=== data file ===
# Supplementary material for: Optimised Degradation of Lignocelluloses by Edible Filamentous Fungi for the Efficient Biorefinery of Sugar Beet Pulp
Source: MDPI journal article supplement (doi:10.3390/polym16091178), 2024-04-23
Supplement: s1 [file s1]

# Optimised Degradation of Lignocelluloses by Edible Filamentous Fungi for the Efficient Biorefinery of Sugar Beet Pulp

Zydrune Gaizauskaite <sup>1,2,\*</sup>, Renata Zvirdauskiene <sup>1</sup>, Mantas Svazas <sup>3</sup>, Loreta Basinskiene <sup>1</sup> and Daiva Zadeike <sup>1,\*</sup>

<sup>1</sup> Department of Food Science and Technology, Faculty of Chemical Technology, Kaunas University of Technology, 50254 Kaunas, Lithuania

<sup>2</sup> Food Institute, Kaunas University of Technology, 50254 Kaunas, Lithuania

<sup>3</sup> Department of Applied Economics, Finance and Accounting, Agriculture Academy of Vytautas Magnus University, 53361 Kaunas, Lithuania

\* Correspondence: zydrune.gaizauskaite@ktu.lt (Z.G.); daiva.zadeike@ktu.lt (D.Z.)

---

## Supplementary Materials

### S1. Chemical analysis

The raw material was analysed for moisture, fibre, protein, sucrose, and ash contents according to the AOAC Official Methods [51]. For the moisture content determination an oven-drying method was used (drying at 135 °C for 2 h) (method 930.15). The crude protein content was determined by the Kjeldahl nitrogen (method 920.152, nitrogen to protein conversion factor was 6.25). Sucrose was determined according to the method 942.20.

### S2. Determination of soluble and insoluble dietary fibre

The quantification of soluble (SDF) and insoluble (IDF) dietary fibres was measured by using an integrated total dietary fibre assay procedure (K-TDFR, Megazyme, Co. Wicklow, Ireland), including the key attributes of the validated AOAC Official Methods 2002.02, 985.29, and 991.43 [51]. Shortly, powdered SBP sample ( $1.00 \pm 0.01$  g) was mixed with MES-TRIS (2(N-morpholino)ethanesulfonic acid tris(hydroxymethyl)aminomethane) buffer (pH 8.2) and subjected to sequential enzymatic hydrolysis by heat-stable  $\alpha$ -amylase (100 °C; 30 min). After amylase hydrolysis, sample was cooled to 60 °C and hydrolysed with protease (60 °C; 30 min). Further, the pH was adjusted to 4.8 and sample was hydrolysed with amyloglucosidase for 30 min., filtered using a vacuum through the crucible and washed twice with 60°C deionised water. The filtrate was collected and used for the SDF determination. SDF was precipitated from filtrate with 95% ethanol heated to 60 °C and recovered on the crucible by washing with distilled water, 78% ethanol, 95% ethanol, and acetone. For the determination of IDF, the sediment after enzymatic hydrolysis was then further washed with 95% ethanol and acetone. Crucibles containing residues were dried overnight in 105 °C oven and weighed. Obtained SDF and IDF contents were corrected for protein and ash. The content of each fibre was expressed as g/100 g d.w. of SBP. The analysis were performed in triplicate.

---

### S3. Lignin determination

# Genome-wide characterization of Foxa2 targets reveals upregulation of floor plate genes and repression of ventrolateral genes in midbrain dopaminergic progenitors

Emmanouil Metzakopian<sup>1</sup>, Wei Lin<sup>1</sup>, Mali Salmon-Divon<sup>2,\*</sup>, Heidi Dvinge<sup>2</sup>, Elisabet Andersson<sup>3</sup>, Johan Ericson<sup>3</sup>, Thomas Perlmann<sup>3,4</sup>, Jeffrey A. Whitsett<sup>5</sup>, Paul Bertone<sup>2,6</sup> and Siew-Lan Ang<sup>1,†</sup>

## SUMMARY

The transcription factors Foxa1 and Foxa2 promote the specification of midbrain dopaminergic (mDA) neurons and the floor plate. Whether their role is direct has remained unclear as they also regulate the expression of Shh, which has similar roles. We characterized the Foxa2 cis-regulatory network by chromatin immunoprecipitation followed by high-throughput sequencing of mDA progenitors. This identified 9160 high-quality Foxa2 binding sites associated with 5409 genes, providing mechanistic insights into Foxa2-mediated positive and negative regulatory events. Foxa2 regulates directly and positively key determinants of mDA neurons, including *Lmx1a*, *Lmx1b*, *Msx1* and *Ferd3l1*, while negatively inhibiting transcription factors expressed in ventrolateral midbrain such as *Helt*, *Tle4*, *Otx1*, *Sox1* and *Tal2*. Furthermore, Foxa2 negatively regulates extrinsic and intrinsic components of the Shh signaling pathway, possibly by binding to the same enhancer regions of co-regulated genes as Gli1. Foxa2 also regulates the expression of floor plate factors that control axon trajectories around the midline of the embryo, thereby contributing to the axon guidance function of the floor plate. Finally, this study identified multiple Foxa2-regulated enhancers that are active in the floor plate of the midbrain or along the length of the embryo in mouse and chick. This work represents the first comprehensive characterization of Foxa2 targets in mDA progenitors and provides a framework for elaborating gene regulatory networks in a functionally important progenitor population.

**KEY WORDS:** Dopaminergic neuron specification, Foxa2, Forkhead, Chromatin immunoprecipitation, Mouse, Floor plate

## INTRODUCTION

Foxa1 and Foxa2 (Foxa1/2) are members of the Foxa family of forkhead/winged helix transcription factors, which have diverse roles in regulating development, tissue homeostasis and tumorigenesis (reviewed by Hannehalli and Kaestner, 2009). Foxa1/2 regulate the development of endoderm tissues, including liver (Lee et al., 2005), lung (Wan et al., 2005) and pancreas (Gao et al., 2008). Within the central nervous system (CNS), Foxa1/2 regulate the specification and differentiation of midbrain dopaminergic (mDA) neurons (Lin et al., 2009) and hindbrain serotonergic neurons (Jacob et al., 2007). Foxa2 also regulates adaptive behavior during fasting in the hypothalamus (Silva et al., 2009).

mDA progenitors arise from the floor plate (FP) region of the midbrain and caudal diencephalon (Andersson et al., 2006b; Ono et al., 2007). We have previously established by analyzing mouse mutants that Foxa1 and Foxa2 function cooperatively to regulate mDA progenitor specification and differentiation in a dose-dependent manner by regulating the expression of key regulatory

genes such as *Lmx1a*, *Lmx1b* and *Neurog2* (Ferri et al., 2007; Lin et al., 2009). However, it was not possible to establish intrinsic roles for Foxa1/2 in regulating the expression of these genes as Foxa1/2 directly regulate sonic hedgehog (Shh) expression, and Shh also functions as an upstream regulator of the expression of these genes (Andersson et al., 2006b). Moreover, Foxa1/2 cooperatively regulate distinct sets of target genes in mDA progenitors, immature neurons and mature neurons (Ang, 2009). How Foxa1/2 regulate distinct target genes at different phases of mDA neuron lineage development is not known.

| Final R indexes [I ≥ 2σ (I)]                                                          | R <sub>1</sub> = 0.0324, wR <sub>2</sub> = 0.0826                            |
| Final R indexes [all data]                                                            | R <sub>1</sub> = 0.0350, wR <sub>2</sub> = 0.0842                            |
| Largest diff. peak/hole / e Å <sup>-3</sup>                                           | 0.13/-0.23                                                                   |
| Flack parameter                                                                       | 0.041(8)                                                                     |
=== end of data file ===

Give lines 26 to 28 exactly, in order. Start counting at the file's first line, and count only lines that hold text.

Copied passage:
genes such as *Lmx1a*, *Lmx1b* and *Neurog2* (Ferri et al., 2007; Lin et al., 2009). However, it was not possible to establish intrinsic roles for Foxa1/2 in regulating the expression of these genes as Foxa1/2 directly regulate sonic hedgehog (Shh) expression, and Shh also functions as an upstream regulator of the expression of these genes (Andersson et al., 2006b). Moreover, Foxa1/2 cooperatively regulate distinct sets of target genes in mDA progenitors, immature neurons and mature neurons (Ang, 2009). How Foxa1/2 regulate distinct target genes at different phases of mDA neuron lineage development is not known.

| Final R indexes [I ≥ 2σ (I)]                                                          | R <sub>1</sub> = 0.0324, wR <sub>2</sub> = 0.0826                            |
| Final R indexes [all data]                                                            | R <sub>1</sub> = 0.0350, wR <sub>2</sub> = 0.0842                            |